Drama of the Planet Earth
Intriguing series makes skillful use of medium in tracing geologic history
THE MIRACLE PLANET Part 2: ``The Heat Within'' PBS, Monday, 8-9 p.m. (check local listings). Second of six parts. A co-production of KCTS/Seattle and Japan's NHK television. DRIFTING at the geologic speed limit of about 30 ft. per century, India - once a chunk of Africa - ``crashed'' into Asia, causing that wrinkle of earth crust known as the Himalayas.
In fact, all the continents were once a single land mass on one side of the planet, with a pole-to-pole ocean on the other. It is Earth's 4.8 billion-year cooling process (still in progress) that has left its present face. The Earth's interior heat - detectable daily in such places as Iceland and Yellowstone National Park - is still dividing Africa into chunks: Look for an ocean where the Rift valley is now, in about 50 million years.
If you think you'd have to be a Laurence Olivier to get your own children interested in these scientific facts, you'll be glad to know PBS has come up with a series compelling enough to do the job. Tantalizing visuals - underwater and aerial films, animation, and computer graphics - add to the calmly informative narration of Bill Kurtis for a six-part series that ranges from interesting to astonishing.
The series explores some intriguing questions: Although formed from the same universal materials as the rest of the solar system, why was it only Earth that wound up with the climate and chemicals that have allowed such resplendently diverse life forms? What were the threats to the planet's delicate balance of atmosphere that in the past have caused recurring periods of mass extinction involving up to 90 percent of the species on Earth?
In answering such questions, the cameras take us beneath the oceans, where 45,000 miles of underwater mountain ranges ripple the crust; to volcanically active Hawaii and Iceland; down an 11,000-ft.-deep mine in South Africa. The series also offers the equivalent of six symphonies' worth of specially composed new music.
Slow-paced and deliberate, giving viewers a good feel for far-flung regions and epochs past, ``The Miracle Planet'' represents the best use of the electronic hearth. It's the perfect family program - spanning the scientific beginnings and evolution of the planetary home we all share. And, beyond the seeds of knowledge and wonder it sows, ``The Miracle Planet'' also sows seeds of survival - by underlining the global environmental challenges that face every nation today.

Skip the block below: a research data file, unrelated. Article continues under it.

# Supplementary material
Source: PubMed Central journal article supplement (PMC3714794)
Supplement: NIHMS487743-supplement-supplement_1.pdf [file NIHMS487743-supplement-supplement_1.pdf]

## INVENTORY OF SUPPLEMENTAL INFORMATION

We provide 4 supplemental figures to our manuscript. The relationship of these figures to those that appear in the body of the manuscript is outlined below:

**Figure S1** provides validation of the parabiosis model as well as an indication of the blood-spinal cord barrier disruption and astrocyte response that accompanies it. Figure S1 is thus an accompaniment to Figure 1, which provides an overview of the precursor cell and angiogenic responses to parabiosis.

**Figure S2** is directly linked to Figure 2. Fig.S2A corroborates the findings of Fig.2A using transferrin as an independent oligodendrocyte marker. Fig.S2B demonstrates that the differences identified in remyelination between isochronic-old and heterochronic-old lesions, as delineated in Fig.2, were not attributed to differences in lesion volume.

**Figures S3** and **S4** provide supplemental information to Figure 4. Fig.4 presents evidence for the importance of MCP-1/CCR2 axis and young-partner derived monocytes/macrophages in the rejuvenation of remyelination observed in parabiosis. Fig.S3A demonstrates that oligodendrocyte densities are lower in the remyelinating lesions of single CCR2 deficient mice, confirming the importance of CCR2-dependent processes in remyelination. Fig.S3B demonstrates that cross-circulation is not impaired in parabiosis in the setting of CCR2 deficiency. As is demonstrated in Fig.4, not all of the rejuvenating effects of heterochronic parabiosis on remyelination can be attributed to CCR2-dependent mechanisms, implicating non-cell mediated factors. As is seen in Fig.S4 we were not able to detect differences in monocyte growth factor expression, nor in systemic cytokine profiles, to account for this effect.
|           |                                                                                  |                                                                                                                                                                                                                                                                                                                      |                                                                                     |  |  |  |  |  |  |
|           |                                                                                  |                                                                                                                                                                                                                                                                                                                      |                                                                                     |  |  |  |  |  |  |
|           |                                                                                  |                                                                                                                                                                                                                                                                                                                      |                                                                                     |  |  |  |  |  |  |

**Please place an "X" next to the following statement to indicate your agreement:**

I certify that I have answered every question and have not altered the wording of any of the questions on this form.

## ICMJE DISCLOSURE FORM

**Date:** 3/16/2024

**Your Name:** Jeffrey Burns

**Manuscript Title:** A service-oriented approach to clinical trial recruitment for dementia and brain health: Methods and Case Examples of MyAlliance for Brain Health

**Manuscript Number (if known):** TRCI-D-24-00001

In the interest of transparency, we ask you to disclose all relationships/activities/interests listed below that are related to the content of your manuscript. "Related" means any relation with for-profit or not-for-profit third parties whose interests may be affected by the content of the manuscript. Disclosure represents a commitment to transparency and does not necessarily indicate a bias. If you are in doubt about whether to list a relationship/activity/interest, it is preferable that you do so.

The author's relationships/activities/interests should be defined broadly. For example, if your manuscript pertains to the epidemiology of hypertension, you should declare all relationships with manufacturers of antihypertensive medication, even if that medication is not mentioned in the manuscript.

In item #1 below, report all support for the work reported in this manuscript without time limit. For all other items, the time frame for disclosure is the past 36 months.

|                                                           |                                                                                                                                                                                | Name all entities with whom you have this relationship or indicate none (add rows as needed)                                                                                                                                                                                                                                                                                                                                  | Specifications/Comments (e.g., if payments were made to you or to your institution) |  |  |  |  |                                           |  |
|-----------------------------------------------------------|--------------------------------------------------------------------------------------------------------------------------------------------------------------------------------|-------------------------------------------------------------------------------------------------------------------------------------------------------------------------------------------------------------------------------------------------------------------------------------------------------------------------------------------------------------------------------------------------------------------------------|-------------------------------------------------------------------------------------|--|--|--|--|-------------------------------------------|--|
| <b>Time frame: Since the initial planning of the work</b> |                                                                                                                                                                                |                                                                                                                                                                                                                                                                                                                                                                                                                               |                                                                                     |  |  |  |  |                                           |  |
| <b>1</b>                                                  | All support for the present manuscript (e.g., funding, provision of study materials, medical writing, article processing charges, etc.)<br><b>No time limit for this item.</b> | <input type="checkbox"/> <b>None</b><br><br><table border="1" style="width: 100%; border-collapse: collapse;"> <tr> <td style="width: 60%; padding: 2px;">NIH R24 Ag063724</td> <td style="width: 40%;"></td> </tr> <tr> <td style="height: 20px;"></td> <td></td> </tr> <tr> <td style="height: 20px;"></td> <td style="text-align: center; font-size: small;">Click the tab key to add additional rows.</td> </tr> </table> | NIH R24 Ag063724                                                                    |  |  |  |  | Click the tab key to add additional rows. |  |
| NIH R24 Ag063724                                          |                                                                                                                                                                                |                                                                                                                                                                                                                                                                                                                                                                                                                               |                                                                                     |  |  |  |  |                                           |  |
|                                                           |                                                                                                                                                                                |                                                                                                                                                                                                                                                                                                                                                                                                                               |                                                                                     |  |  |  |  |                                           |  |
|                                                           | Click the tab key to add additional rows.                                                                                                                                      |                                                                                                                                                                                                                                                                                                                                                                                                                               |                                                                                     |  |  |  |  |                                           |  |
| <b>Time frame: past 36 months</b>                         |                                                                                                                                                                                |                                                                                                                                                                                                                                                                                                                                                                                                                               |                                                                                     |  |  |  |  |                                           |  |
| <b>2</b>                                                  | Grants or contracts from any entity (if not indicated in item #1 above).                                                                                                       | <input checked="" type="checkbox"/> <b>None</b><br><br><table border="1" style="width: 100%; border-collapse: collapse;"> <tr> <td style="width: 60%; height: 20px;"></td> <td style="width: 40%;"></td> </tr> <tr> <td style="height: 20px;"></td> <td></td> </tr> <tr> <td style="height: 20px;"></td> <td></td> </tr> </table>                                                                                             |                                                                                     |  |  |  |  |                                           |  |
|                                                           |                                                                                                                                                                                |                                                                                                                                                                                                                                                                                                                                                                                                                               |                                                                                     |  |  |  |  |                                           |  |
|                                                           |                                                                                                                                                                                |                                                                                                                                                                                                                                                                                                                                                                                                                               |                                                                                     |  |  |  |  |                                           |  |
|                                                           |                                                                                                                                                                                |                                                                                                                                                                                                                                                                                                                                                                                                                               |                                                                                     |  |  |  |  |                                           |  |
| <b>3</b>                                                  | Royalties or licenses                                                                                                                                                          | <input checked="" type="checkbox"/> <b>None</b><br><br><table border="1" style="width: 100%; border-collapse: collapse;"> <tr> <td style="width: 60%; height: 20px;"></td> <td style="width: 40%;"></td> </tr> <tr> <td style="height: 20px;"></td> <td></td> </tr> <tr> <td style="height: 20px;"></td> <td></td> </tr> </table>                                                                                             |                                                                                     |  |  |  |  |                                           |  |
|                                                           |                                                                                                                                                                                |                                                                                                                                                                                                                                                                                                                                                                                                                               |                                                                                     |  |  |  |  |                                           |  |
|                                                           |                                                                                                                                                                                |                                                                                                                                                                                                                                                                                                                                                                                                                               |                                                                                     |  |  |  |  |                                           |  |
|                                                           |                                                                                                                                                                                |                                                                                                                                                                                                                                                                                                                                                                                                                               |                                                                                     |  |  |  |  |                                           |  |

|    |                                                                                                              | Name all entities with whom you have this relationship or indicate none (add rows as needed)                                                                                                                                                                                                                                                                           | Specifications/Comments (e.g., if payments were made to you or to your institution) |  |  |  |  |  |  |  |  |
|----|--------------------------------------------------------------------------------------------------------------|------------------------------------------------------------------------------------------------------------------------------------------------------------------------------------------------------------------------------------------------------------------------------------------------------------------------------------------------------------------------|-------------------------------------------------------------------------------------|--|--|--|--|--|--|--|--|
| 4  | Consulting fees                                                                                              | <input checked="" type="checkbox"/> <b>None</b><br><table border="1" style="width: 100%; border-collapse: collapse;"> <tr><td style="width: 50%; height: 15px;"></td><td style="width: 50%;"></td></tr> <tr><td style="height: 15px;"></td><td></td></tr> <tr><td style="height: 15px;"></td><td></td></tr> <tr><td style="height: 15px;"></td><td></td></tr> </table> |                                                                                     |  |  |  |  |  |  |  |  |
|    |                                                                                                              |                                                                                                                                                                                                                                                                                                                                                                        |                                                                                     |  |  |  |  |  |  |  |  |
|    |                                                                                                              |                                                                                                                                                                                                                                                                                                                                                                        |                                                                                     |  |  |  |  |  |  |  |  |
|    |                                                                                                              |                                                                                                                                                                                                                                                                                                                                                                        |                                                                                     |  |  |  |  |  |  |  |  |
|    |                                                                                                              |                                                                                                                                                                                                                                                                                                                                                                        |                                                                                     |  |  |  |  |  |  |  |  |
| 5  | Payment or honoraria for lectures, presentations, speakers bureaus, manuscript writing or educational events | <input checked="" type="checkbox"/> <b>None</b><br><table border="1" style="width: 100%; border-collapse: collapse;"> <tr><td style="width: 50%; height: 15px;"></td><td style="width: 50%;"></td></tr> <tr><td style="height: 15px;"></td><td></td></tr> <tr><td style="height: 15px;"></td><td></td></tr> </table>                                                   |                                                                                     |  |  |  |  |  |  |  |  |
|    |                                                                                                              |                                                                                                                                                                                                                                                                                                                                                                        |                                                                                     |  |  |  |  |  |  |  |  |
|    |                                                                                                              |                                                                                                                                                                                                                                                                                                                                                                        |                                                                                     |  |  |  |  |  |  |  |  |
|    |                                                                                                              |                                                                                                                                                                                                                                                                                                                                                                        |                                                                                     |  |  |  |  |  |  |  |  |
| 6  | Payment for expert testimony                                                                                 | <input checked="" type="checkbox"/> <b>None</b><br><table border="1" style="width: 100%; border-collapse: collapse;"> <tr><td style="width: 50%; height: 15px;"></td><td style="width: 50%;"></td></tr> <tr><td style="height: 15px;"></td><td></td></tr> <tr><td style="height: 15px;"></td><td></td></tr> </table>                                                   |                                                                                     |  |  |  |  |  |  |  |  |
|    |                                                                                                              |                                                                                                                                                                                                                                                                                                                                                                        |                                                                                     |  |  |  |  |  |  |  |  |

Last Monday's premi`ere, ``The Third Planet'' explored such questions as why Earth didn't become a blazing inferno like Venus or a frozen desert like Mars.
The second installment, airing Monday, will examine the continuous release of heat from the Earth's core and its effect on the surface's geographic profile and the placement of the great mineral deposits.
The remaining programs look specifically at the oceans, atmosphere and weather, deserts, and ice ages. The last segment poses the question: How can the planet continue to support the human species?
Much of the film for ``The Miracle Planet'' was shot for Japan's NHK television several years ago and presented in a series of somewhat different form there. KCTC President Burnill Clark discovered the 800 hours of footage and used it to create an entirely new program.
Introductions, explanations, and wrap-ups from Mr. Kurtis, best known as host in the mid-'80s of ``The CBS Morning News,'' were spliced into the fabric on location as well as in the studio.
The result at first seems slow-paced by today's 50-seconds-per-sound-bite standard, but after a while the program's visual elements take hold to provide an effective setting in which to digest the astounding facts presented.
(A companion book, with the same high standard of photography and graphics, is available from Gallery Books, 112 Madison Ave., New York, NY 10016.)